Fear of God or Fear of Self
Posted Mar 07, 2013 by Cristina Mendoza in Spirit of Prophecy
I heard someone mention this quote in a sermon recently:
We shall make the apostle’s confession our own. “I know that in me (that is, in my flesh) dwelleth no good thing.” Romans 7:18. “God forbid that I should glory, save in the cross of our Lord Jesus Christ, by whom the world is crucified unto me, and I unto the world.” Galatians 6:14. In harmony with this experience is the command, “Work out your own salvation with fear and trembling. For it is God which worketh in you both to will and to do of His good pleasure.” Philippians 2:12, 13. God does not bid you fear that He will fail to fulfill His promises, that His patience will weary, or His compassion be found wanting. Fear lest your will shall not be held in subjection to Christ’s will, lest your hereditary and cultivated traits of character shall control your life. “It is God which worketh in you both to will and to do of His good pleasure.” Fear lest self shall interpose between your soul and the great Master Worker. Fear lest self-will shall mar the high purpose that through you God desires to accomplish. Fear to trust to your own strength, fear to withdraw your hand from the hand of Christ and attempt to walk life’s pathway without His abiding presence. Chris Object Lessons, p. 161
It reminds me of this other quote that a friend sent me a few weeks ago; it tells me that walking the pathway alone is trusting in my own merits and that is something I must fear.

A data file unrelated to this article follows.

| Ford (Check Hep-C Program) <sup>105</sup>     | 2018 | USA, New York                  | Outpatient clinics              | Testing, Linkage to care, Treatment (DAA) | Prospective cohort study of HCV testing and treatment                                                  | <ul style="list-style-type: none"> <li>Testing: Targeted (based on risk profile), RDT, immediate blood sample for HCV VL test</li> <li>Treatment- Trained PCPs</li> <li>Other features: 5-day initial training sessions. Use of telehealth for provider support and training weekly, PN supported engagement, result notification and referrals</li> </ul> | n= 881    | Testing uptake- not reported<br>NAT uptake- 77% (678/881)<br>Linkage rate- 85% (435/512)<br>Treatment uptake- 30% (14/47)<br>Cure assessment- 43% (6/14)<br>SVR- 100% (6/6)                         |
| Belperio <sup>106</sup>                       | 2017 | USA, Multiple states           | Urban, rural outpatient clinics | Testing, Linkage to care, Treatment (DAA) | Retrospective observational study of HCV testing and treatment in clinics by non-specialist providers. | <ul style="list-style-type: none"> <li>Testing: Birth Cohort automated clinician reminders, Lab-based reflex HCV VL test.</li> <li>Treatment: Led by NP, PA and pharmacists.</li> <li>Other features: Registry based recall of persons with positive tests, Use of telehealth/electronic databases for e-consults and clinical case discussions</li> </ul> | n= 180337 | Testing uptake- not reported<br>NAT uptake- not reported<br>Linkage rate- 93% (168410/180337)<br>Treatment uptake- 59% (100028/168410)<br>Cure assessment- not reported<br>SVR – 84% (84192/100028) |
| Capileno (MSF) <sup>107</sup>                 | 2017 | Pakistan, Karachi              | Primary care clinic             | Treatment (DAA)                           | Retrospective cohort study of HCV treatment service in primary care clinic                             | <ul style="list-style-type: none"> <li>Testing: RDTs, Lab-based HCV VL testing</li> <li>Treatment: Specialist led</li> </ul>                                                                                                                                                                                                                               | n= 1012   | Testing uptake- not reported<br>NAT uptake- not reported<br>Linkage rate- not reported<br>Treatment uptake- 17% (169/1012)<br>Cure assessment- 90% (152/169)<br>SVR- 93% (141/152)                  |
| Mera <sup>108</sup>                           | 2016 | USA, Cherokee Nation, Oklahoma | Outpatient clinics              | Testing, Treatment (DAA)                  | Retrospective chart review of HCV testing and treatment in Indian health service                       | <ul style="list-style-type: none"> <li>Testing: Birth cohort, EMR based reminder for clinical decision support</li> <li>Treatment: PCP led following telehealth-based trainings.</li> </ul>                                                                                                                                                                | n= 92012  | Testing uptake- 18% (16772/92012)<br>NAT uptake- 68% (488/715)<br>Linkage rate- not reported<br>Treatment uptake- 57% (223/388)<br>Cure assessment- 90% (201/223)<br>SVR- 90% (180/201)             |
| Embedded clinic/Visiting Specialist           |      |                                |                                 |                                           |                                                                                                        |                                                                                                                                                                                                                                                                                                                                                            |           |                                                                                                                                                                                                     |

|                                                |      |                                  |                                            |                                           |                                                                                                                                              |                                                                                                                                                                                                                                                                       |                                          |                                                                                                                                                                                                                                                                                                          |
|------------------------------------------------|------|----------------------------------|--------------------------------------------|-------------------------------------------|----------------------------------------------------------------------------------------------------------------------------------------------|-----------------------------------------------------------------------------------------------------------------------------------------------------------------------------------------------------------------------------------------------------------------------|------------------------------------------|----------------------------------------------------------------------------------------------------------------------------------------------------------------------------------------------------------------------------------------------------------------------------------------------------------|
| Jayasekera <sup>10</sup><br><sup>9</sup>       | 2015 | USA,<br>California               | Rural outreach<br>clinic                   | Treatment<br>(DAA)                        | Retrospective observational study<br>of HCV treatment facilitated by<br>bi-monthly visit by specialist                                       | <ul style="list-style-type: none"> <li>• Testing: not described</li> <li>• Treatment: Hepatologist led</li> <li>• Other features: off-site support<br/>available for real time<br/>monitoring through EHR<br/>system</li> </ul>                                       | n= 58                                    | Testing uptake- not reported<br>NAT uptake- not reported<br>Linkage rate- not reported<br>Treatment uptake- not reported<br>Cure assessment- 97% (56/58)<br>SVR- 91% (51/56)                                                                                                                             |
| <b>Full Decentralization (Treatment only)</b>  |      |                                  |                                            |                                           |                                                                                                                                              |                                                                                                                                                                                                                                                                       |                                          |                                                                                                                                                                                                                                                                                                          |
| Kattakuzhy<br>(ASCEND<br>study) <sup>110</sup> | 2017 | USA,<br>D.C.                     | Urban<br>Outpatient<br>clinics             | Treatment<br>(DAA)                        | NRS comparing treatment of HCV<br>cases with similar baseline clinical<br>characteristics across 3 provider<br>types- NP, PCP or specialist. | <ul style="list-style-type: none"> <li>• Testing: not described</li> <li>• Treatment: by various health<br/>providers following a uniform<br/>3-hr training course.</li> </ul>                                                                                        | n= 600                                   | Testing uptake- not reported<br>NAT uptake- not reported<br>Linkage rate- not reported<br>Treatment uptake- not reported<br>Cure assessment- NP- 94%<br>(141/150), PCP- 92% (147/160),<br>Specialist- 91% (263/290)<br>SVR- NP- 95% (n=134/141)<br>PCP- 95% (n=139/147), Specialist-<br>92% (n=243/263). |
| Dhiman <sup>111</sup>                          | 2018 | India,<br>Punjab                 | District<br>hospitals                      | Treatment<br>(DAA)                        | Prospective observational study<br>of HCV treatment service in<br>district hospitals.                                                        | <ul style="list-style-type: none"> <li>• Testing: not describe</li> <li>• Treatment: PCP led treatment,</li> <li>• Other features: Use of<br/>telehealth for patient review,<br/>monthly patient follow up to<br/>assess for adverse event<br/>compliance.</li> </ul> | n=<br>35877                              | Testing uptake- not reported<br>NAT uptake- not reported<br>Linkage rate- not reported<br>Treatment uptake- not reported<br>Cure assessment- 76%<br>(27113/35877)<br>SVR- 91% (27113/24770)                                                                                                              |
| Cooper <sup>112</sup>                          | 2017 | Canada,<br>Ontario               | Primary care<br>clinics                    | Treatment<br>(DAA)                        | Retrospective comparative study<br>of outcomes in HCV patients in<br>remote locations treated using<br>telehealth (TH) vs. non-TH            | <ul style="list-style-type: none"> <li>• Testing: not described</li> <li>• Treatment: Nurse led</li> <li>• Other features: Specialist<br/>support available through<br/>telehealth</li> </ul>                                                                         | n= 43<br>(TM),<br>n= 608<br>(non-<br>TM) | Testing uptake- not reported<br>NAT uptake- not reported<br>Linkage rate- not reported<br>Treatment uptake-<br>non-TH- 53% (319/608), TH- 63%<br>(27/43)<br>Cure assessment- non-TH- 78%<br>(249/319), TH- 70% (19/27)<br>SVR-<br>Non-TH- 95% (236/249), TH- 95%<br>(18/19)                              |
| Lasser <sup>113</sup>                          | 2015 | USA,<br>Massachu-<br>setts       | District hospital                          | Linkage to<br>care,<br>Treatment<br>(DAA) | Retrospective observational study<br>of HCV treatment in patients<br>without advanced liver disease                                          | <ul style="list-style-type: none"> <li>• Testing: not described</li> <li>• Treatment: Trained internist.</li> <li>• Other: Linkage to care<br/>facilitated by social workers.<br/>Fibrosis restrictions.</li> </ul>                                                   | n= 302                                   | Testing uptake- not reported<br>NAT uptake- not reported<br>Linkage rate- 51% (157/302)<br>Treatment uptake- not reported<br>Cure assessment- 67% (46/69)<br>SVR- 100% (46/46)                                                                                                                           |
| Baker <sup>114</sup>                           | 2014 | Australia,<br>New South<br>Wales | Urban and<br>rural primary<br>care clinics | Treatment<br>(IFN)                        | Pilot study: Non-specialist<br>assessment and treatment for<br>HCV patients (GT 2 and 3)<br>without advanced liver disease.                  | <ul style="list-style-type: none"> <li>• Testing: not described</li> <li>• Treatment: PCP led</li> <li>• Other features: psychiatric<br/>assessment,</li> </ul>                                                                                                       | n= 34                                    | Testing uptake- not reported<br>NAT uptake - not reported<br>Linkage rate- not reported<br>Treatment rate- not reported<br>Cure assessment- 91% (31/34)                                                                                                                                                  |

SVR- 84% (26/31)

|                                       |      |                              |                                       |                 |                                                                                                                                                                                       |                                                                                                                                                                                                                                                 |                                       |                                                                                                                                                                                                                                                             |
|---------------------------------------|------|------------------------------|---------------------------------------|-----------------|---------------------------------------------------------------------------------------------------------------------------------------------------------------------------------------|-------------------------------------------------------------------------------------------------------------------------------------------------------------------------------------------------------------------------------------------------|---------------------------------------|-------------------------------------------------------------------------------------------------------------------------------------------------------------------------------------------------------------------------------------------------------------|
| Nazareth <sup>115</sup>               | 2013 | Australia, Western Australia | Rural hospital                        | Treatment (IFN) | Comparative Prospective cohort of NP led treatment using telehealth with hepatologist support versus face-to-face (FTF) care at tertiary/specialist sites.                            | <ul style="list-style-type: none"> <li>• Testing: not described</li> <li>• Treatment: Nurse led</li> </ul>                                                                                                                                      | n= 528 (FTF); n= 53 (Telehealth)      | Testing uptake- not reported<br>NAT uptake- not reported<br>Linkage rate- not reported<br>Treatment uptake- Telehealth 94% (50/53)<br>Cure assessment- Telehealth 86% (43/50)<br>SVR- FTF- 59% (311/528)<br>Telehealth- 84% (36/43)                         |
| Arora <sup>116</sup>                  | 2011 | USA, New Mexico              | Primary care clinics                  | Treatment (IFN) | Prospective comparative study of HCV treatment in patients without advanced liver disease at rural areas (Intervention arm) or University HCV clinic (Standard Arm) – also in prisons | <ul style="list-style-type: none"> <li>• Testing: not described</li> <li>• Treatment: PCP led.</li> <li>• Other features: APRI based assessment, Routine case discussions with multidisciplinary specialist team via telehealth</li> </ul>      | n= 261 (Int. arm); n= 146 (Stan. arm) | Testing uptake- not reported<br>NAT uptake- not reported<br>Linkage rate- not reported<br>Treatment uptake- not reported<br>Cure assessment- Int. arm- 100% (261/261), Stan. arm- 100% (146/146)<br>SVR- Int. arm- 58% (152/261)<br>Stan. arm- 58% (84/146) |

Discussions may be entered into by mortals strenuously advocating creature merit, and each man striving for the supremacy, but they simply do not know that all the time, in principle and character, they are misrepresenting the truth as it is in Jesus. They are in a fog of bewilderment. They need the divine love of God which is represented by gold tried in the fire; they need the white raiment of Christ’s pure character; and they need the heavenly eyesalve that they might discern with astonishment the utter worthlessness of creature merit to earn the wages of eternal life. There may be a fervor of labor and an intense affection, high and noble achievement of intellect, a breadth of understanding, and the humblest self-abasement, laid at the feet of our Redeemer; but there is not one jot more than the grace and talent first given of God. There must be nothing less given than duty prescribes, and there cannot be one jot more given than they have first received; and all must be laid upon the fire of Christ’s righteousness to cleanse it from its earthly odor before it rises in a cloud of fragrant incense to the great Jehovah and is accepted as a sweet savor.
I ask, How can I present this matter as it is? The Lord Jesus imparts all the powers, all the grace, all the penitence, all the inclination, all the pardon of sins, in presenting His righteousness for man to grasp by living faith—which is also the gift of God. If you would gather together everything that is good and holy and noble and lovely in man and then present the subject to the angels of God as acting a part in the salvation of the human soul or in merit, the proposition would be rejected as treason. Standing in the presence of their Creator and looking upon the unsurpassed glory which enshrouds His person, they are looking upon the Lamb of God given from the foundation of the world to a life of humiliation, to be rejected of sinful men, to be despised, to be crucified. Who can measure the infinity of the sacrifice! Faith and Works, p. 21-24.